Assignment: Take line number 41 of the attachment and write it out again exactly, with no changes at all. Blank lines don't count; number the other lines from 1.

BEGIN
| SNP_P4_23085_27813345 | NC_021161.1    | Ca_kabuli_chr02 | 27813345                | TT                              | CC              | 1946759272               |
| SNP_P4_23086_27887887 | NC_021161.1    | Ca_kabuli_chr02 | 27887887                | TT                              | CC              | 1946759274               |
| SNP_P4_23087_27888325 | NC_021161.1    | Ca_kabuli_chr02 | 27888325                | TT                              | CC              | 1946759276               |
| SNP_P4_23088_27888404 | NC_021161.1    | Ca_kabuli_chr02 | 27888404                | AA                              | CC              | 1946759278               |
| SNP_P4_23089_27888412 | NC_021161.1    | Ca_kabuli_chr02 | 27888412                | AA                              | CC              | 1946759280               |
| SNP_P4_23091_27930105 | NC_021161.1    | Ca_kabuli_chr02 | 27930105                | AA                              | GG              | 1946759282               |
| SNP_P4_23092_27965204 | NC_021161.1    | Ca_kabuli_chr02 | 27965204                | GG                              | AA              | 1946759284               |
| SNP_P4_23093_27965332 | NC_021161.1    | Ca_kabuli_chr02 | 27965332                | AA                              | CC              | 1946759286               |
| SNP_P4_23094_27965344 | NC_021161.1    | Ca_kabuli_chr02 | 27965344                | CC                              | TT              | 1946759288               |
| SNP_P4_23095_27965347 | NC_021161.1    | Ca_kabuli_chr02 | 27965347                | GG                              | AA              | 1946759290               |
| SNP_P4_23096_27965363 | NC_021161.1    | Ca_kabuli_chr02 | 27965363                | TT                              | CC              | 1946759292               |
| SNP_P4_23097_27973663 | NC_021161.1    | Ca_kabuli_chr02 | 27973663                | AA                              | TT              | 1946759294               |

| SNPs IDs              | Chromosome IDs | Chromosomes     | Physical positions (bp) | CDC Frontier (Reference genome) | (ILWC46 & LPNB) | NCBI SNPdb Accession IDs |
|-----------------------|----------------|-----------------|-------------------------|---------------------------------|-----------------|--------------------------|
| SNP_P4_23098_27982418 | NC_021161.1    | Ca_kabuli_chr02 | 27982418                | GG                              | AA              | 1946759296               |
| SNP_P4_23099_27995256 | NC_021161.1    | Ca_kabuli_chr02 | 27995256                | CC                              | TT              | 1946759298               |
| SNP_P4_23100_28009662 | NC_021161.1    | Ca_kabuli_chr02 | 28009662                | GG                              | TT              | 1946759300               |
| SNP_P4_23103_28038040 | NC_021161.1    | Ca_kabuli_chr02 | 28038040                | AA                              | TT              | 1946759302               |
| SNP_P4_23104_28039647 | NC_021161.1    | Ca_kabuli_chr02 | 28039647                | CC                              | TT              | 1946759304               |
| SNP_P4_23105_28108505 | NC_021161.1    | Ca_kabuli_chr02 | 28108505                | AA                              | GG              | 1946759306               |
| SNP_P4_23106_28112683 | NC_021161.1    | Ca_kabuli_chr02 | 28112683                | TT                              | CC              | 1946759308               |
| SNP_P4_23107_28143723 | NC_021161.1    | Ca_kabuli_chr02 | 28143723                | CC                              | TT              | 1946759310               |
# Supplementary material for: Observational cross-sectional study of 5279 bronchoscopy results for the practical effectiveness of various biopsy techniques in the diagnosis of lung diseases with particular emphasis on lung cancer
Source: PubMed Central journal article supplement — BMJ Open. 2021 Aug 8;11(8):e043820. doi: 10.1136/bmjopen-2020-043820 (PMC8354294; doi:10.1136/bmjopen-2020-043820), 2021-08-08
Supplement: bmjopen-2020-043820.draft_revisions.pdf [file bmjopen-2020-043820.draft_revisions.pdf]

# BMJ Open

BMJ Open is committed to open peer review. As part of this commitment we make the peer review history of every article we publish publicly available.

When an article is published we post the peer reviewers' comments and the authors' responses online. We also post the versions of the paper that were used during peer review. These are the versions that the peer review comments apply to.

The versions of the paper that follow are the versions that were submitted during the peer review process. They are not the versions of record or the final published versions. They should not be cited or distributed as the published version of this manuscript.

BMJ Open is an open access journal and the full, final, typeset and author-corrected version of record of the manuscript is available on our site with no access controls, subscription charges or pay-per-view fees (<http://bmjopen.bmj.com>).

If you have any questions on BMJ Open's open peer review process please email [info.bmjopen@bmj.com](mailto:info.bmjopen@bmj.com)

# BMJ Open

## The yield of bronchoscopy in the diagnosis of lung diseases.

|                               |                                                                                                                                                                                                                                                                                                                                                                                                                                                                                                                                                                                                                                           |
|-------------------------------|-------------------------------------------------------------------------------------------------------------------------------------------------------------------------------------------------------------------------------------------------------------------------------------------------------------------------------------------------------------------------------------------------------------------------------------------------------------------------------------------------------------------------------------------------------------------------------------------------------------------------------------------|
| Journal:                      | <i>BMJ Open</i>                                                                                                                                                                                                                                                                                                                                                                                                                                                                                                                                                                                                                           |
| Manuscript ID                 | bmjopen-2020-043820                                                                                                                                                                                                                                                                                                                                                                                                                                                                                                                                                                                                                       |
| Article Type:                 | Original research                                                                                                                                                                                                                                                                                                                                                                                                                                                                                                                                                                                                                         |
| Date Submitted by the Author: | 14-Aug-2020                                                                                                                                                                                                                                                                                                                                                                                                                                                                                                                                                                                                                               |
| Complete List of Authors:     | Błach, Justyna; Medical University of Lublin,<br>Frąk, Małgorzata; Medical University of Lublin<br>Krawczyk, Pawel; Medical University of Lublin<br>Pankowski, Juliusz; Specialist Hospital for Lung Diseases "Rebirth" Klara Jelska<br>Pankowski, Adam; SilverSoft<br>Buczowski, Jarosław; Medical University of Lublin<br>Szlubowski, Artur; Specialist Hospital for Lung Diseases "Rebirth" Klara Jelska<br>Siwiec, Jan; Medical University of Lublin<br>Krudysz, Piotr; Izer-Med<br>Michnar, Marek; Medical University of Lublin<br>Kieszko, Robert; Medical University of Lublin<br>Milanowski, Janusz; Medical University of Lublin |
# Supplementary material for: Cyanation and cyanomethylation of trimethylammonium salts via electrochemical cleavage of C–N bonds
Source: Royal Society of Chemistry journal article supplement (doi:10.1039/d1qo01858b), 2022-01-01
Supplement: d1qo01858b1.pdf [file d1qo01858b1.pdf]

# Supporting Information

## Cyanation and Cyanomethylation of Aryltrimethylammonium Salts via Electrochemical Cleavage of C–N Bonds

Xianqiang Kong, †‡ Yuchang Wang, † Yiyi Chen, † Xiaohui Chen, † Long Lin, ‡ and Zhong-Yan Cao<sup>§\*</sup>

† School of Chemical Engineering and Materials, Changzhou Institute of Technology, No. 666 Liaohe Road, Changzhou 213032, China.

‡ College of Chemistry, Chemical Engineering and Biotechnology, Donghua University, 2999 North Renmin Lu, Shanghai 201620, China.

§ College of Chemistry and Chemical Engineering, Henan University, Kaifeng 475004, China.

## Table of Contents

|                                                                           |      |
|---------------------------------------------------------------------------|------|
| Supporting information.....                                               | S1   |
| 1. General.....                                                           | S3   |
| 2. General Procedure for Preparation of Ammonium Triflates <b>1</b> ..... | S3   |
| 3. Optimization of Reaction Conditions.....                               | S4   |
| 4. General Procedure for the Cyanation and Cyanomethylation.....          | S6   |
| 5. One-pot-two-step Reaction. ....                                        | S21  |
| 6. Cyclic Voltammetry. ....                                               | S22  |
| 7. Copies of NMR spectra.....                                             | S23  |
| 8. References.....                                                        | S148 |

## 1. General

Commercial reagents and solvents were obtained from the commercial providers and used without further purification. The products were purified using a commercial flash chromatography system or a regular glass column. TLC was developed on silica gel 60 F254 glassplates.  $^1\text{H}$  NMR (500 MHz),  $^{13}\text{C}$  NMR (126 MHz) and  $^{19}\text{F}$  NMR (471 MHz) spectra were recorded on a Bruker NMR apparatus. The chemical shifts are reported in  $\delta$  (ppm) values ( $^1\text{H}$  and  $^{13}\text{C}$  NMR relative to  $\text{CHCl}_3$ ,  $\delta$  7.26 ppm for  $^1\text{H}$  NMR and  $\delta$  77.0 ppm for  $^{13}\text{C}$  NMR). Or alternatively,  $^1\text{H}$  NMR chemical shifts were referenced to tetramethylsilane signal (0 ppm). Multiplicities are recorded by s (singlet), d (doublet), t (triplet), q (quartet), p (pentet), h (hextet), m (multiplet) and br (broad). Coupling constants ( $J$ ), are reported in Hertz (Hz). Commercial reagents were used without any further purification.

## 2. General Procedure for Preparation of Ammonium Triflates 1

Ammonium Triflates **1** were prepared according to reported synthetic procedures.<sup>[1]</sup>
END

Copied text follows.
# Supplementary material for: Cyanation and cyanomethylation of trimethylammonium salts via electrochemical cleavage of C–N bonds